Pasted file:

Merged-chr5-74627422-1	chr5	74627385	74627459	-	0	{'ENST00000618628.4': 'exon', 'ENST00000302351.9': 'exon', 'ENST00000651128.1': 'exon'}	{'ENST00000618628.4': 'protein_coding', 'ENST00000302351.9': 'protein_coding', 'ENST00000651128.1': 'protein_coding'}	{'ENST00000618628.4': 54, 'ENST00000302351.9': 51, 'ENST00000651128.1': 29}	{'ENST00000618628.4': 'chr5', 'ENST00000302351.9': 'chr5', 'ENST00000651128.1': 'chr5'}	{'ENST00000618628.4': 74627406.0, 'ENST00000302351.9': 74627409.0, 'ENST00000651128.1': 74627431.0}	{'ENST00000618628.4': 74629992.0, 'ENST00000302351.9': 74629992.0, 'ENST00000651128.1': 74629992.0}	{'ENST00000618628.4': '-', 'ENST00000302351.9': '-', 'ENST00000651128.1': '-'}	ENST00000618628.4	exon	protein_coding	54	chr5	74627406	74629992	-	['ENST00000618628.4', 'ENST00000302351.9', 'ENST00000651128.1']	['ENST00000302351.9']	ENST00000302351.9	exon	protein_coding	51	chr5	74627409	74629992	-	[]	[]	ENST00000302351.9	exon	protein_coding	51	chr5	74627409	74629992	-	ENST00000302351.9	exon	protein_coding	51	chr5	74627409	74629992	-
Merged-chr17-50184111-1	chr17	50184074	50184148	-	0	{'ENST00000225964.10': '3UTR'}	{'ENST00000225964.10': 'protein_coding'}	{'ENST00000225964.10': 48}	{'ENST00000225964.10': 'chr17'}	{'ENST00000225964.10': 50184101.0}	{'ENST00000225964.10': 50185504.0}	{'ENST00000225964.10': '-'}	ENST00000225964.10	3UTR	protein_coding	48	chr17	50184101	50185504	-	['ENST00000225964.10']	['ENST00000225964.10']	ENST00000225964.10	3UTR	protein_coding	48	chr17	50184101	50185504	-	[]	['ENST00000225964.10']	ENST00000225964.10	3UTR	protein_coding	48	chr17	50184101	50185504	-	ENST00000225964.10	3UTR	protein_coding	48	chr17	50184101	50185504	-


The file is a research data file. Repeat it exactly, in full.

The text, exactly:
Merged-chr5-74627422-1	chr5	74627385	74627459	-	0	{'ENST00000618628.4': 'exon', 'ENST00000302351.9': 'exon', 'ENST00000651128.1': 'exon'}	{'ENST00000618628.4': 'protein_coding', 'ENST00000302351.9': 'protein_coding', 'ENST00000651128.1': 'protein_coding'}	{'ENST00000618628.4': 54, 'ENST00000302351.9': 51, 'ENST00000651128.1': 29}	{'ENST00000618628.4': 'chr5', 'ENST00000302351.9': 'chr5', 'ENST00000651128.1': 'chr5'}	{'ENST00000618628.4': 74627406.0, 'ENST00000302351.9': 74627409.0, 'ENST00000651128.1': 74627431.0}	{'ENST00000618628.4': 74629992.0, 'ENST00000302351.9': 74629992.0, 'ENST00000651128.1': 74629992.0}	{'ENST00000618628.4': '-', 'ENST00000302351.9': '-', 'ENST00000651128.1': '-'}	ENST00000618628.4	exon	protein_coding	54	chr5	74627406	74629992	-	['ENST00000618628.4', 'ENST00000302351.9', 'ENST00000651128.1']	['ENST00000302351.9']	ENST00000302351.9	exon	protein_coding	51	chr5	74627409	74629992	-	[]	[]	ENST00000302351.9	exon	protein_coding	51	chr5	74627409	74629992	-	ENST00000302351.9	exon	protein_coding	51	chr5	74627409	74629992	-
Merged-chr17-50184111-1	chr17	50184074	50184148	-	0	{'ENST00000225964.10': '3UTR'}	{'ENST00000225964.10': 'protein_coding'}	{'ENST00000225964.10': 48}	{'ENST00000225964.10': 'chr17'}	{'ENST00000225964.10': 50184101.0}	{'ENST00000225964.10': 50185504.0}	{'ENST00000225964.10': '-'}	ENST00000225964.10	3UTR	protein_coding	48	chr17	50184101	50185504	-	['ENST00000225964.10']	['ENST00000225964.10']	ENST00000225964.10	3UTR	protein_coding	48	chr17	50184101	50185504	-	[]	['ENST00000225964.10']	ENST00000225964.10	3UTR	protein_coding	48	chr17	50184101	50185504	-	ENST00000225964.10	3UTR	protein_coding	48	chr17	50184101	50185504	-